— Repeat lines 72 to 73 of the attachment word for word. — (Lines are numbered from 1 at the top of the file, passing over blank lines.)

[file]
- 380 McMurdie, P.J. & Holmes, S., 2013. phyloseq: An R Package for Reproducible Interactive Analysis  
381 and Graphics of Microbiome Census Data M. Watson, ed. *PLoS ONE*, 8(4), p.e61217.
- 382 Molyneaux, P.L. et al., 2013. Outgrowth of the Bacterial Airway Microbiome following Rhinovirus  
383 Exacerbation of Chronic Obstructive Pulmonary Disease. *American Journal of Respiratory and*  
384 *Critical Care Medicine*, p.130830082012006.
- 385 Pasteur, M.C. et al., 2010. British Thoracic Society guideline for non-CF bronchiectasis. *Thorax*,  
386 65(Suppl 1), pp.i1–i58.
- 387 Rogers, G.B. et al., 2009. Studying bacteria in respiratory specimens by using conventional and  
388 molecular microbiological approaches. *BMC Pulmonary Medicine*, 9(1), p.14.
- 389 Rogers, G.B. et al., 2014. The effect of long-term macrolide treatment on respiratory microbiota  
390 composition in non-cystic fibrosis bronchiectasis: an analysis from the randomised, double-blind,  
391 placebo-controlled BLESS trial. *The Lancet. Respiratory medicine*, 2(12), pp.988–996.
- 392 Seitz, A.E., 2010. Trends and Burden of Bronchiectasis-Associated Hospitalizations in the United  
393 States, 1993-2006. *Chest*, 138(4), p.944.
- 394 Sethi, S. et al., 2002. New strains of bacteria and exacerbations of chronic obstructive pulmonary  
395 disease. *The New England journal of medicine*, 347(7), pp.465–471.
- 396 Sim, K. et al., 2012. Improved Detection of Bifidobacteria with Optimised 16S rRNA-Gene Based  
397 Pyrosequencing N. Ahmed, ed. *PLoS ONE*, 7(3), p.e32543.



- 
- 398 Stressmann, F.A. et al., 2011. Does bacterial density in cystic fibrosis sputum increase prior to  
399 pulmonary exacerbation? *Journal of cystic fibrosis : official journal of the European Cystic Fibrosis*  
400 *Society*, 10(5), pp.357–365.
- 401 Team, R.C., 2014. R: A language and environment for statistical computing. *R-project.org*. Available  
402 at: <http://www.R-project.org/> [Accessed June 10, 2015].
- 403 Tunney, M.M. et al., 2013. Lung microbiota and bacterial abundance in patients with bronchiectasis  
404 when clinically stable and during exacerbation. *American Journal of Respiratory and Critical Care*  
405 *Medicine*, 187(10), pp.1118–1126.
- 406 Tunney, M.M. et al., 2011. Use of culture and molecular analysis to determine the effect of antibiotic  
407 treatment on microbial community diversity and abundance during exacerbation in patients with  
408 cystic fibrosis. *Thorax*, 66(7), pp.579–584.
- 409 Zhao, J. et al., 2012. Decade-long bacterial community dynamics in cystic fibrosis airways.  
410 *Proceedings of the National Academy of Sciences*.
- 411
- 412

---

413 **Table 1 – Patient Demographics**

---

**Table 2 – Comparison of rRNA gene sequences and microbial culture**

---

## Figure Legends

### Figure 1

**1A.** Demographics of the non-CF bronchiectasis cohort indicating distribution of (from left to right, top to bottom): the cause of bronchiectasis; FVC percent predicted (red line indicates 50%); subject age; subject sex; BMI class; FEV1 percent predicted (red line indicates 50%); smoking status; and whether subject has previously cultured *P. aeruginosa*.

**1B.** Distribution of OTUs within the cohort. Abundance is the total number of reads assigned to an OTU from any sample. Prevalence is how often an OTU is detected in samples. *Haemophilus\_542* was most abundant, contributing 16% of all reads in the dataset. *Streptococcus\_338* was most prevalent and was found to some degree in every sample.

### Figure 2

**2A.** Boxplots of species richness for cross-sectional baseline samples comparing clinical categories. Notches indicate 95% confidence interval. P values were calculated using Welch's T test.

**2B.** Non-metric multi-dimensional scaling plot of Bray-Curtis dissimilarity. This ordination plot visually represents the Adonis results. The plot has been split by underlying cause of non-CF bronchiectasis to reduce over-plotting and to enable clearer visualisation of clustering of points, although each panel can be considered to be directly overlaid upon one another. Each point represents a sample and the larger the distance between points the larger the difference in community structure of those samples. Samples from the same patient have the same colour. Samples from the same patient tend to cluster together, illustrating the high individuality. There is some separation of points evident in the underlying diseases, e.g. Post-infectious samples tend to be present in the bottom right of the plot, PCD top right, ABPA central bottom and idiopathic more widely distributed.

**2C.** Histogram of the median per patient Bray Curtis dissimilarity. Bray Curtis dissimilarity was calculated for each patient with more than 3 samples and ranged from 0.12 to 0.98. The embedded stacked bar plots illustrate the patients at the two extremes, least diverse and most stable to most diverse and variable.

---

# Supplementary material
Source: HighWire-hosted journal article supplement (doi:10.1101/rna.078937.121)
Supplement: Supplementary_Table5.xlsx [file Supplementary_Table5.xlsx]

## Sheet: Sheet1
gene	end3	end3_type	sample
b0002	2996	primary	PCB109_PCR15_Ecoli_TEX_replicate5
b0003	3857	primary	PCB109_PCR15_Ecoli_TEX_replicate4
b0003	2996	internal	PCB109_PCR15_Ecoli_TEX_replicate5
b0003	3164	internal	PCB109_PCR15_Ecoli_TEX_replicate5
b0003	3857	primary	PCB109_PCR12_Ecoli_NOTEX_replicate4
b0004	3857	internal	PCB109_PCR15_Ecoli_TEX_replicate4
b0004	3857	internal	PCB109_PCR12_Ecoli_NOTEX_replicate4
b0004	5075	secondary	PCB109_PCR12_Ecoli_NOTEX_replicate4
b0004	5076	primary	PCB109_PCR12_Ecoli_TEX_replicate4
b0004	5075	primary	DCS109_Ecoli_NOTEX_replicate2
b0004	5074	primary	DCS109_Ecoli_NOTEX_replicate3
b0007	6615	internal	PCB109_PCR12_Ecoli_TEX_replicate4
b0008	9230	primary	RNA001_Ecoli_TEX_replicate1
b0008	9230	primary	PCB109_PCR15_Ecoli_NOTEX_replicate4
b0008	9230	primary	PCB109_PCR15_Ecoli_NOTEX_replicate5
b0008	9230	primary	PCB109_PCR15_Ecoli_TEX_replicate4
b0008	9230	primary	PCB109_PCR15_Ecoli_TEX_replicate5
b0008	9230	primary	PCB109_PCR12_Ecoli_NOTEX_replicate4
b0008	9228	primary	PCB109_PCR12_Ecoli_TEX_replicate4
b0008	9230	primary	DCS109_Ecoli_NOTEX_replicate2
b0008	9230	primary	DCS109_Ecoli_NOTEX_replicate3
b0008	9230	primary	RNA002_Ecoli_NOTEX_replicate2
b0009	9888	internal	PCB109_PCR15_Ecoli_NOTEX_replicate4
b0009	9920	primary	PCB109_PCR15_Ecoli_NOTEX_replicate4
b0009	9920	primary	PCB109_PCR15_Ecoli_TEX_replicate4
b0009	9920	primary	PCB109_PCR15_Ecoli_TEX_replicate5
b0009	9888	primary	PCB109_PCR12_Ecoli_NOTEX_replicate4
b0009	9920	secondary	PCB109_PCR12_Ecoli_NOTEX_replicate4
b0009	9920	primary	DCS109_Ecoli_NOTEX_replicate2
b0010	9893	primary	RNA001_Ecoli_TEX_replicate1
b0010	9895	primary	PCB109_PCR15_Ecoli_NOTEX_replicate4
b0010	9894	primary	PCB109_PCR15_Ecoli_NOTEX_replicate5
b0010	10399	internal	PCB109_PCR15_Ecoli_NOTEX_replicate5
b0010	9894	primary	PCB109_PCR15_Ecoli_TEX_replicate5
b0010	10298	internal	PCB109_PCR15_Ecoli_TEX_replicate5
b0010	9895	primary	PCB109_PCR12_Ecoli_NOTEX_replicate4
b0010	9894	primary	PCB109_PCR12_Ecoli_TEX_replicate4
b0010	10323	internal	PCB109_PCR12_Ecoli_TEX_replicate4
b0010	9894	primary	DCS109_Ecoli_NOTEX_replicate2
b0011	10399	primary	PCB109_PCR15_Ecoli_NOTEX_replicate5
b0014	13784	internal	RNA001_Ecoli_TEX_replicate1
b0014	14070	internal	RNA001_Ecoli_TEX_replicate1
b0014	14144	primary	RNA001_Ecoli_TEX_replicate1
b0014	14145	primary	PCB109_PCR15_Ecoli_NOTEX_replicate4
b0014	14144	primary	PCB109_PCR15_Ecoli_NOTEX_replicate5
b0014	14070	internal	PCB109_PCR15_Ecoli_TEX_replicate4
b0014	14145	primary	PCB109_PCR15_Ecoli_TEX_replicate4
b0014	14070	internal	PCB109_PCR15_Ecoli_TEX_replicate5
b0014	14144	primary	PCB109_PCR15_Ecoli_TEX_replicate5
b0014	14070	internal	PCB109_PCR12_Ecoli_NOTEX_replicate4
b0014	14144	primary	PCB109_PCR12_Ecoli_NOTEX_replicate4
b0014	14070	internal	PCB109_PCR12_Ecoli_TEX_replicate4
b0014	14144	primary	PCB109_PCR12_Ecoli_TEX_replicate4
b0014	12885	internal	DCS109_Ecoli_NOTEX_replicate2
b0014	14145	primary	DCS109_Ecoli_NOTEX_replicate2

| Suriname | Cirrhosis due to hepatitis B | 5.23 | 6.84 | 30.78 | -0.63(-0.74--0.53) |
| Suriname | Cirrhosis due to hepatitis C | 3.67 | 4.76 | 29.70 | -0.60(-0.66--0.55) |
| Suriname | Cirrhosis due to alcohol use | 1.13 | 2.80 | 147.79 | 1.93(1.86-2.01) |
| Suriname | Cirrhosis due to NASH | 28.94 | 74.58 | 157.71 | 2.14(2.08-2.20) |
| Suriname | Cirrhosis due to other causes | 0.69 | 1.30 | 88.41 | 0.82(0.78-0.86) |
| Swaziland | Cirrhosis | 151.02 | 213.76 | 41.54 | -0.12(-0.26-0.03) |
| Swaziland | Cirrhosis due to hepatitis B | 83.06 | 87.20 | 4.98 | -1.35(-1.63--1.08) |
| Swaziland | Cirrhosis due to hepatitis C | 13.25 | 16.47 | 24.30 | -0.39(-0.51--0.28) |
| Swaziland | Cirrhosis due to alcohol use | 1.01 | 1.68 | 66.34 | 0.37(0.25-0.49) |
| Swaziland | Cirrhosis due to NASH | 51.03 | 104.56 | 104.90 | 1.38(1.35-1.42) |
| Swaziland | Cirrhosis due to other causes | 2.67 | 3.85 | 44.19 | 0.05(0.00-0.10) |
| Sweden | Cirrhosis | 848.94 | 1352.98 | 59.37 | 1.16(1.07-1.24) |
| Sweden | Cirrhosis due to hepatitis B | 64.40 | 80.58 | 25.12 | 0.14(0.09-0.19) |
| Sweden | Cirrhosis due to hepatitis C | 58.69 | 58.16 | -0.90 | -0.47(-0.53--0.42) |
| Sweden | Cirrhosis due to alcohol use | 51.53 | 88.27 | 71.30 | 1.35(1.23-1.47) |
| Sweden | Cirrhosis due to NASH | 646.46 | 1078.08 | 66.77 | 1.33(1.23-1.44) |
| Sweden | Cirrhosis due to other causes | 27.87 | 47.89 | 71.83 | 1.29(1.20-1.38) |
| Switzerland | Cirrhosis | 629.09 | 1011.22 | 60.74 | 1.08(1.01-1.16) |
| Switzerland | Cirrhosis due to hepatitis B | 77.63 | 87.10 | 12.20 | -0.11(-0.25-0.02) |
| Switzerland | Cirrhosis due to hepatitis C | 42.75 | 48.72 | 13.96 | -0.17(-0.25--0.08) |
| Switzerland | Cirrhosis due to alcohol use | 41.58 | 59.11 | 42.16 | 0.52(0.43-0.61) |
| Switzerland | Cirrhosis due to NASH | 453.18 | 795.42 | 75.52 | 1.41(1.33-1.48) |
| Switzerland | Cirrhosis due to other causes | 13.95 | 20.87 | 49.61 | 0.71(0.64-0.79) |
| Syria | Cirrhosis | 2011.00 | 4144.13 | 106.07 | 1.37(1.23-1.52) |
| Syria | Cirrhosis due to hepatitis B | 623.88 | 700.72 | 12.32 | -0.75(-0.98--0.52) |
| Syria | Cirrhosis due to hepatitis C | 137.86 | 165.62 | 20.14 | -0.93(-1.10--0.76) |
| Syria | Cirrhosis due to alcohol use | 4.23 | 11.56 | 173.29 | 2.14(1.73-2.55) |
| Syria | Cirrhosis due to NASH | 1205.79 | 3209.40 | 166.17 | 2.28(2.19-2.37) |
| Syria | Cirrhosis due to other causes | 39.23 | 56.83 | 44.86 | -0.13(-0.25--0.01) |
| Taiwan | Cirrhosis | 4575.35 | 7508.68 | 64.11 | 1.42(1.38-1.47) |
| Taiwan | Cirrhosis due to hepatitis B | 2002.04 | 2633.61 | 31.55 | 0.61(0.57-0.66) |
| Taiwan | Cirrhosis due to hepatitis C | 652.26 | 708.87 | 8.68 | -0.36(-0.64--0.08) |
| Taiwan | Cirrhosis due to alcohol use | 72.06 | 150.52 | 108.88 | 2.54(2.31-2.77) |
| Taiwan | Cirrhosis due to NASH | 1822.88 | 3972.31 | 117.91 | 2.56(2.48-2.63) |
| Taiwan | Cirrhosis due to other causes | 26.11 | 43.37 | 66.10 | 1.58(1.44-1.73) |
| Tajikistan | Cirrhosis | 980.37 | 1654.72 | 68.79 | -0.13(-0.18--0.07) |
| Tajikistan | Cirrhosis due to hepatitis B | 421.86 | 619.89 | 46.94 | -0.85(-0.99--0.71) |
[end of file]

b0008	9228	primary	PCB109_PCR12_Ecoli_TEX_replicate4
b0008	9230	primary	DCS109_Ecoli_NOTEX_replicate2